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What to Know About the U.S. Pregnant Workers Fairness Act

The Pregnant Workers Fairness Act (PWFA) kicks into effect on 27 June 2023. Here’s what U.S. employers need to know about the new law.

What Is It?

The law—which was enacted by U.S. President Joe Biden at the end of 2022—advances the rights of pregnant workers and could potentially increase women’s labor force participation, an area that the United States has been behind on.

This new law requires employers with more than 15 employees to provide reasonable accommodations to pregnant workers, those recovering from childbirth, and those with related medical conditions, such as women who need to pump breast milk at work.

Under the law, workers can request leave to recover from childbirth, a miscarriage, postpartum depression, mastitis, or other pregnancy-related health conditions—even emplyees who do not qualify for the Family and Medical Leave Act.

Who Does the Law Apply to?

Unless the accommodation causes the employer an “undue hardship,” according to the U.S. Equal Employment Opportunity Commission (EEOC), the law applies to private and public sector employers with at least 15 employees. Other organizations impacted by the PWFA include Congress, employment agencies, federal agencies, and labor organizations.

So, what are reasonable accommodations? Some examples provided by a House Committee on Education and Labor report on the PWFA include the following:

  • The ability to sit or drink water;
  • Closer parking;
  • Flexible work hours;
  • Properly sized safety apparel or uniforms;
  • Additional break time for eating, resting, and using the bathroom;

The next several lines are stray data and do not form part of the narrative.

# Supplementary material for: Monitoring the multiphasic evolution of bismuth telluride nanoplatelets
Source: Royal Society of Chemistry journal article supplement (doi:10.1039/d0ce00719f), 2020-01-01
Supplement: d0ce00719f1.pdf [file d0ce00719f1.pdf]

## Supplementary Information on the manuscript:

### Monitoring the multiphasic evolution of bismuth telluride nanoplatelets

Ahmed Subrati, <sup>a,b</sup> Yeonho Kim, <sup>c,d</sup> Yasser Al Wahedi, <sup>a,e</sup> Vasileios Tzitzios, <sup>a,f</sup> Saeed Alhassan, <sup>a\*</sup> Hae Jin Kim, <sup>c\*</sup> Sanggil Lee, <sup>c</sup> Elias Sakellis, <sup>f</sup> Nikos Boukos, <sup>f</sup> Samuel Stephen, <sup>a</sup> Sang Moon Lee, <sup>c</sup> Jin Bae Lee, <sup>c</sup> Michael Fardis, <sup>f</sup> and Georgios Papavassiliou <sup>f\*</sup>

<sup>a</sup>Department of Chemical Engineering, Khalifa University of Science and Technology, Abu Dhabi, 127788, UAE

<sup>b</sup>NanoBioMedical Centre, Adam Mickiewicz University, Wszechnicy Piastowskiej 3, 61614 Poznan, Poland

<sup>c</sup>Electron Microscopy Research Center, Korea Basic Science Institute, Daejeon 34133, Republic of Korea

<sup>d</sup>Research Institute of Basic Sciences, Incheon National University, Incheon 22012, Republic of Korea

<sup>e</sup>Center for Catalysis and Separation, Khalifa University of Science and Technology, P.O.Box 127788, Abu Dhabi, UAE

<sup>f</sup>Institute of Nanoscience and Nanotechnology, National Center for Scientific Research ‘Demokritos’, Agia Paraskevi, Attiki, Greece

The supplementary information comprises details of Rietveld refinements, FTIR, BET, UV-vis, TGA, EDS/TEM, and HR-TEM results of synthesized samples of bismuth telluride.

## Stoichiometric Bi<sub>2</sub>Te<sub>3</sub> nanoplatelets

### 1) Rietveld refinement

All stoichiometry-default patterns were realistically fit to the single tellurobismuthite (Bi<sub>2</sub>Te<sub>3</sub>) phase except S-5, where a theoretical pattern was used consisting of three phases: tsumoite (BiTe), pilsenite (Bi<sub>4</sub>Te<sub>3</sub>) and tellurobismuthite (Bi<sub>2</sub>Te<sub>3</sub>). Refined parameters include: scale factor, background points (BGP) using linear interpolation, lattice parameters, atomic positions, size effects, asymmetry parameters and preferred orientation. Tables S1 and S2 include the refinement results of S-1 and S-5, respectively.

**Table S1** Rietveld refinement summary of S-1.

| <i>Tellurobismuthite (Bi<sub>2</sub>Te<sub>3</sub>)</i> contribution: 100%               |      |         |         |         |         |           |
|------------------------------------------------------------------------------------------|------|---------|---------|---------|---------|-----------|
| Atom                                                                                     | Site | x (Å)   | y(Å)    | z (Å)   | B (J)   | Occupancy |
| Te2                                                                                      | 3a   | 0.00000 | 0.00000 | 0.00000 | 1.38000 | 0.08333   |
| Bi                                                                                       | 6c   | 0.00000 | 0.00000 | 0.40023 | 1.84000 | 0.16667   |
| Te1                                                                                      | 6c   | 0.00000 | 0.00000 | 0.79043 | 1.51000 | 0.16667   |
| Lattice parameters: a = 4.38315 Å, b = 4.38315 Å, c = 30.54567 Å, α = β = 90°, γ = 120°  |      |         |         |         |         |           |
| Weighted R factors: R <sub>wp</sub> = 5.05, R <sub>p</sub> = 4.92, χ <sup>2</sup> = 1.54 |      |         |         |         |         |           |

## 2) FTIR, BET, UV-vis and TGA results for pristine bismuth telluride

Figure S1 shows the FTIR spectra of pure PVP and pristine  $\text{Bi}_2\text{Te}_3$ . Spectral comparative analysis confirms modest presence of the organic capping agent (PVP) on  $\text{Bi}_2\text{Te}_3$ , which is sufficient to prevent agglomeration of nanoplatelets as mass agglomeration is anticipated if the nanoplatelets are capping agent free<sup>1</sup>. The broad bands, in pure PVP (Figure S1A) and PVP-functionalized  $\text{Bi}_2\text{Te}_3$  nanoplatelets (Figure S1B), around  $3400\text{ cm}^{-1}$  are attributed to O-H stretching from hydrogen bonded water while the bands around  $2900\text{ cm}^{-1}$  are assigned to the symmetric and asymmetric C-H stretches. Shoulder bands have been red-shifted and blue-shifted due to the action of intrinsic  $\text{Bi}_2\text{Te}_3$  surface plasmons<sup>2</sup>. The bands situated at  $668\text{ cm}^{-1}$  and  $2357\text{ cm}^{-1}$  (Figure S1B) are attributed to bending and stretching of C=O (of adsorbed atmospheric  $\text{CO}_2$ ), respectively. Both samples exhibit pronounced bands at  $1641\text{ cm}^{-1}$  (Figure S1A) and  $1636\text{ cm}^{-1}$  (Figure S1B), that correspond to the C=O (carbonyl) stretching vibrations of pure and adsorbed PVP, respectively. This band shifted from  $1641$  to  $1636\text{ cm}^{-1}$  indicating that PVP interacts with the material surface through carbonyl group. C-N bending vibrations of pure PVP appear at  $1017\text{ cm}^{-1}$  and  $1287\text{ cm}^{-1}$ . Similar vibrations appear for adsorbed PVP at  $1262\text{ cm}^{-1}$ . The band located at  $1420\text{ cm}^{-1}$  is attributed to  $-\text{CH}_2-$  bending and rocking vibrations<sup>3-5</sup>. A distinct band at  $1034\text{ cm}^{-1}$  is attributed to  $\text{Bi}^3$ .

• Taking time off to recover from childbirth; and
  • Not being forced to participate in activities that could be unsafe for pregnancy.

Why Is This a Big Deal?

For pregnant workers in the United States, the PWFA is “the first breakthrough in more than four decades,” according to Axios.

In the United States, an estimated 2.8 million women a year (70 percent) are pregnant while also working, according to an October 2022 report from the National Partnership for Women and Families. “While not all pregnant workers need accommodations in the workplace, all pregnant workers benefit from having protections they know will keep them healthy and on the job,” according to the report.

With the PWFA, millions of U.S. women could remain a part of the workforce while maintaining their health and safety during a pregnancy, especially as the House Committee on Education and Labor estimated that 75 percent of working women will become pregnant while employed.

Previously, if women sued employers over failures to accommodate to health concerns while pregnant, employers would often win the case because the 1978 Pregnancy Discrimination Act did not explicitly cover such accommodations, according to the American Civil Liberties Union.

This meant that pregnant people would have to choose whether to be forced out of jobs right when her family was growing or risking her health by ignoring a doctor’s order. This doesn’t even crack into the business continuity impacts on the employer, which then has to find, hire, and train a replacement, or potentially deal with a hit on brand reputation if the suit makes the news.

On the Horizon

“The law may also effectively be a backdoor expansion of maternity leave in the [United States],” Axios noted. “That's because workers can request leave to recover from childbirth—even those who don't qualify for the Family and Medical Leave Act,” which has other restrictions that PWFA will bypass. The PWFA, however, does not replace other laws that are more protective of pregnant workers, such as the Fair Labor Standards Act or local, state, or other federal laws, the EEOC said.

For more guidance around this new law, visit this primer from the EEOC or this one from Ogletree Deakins.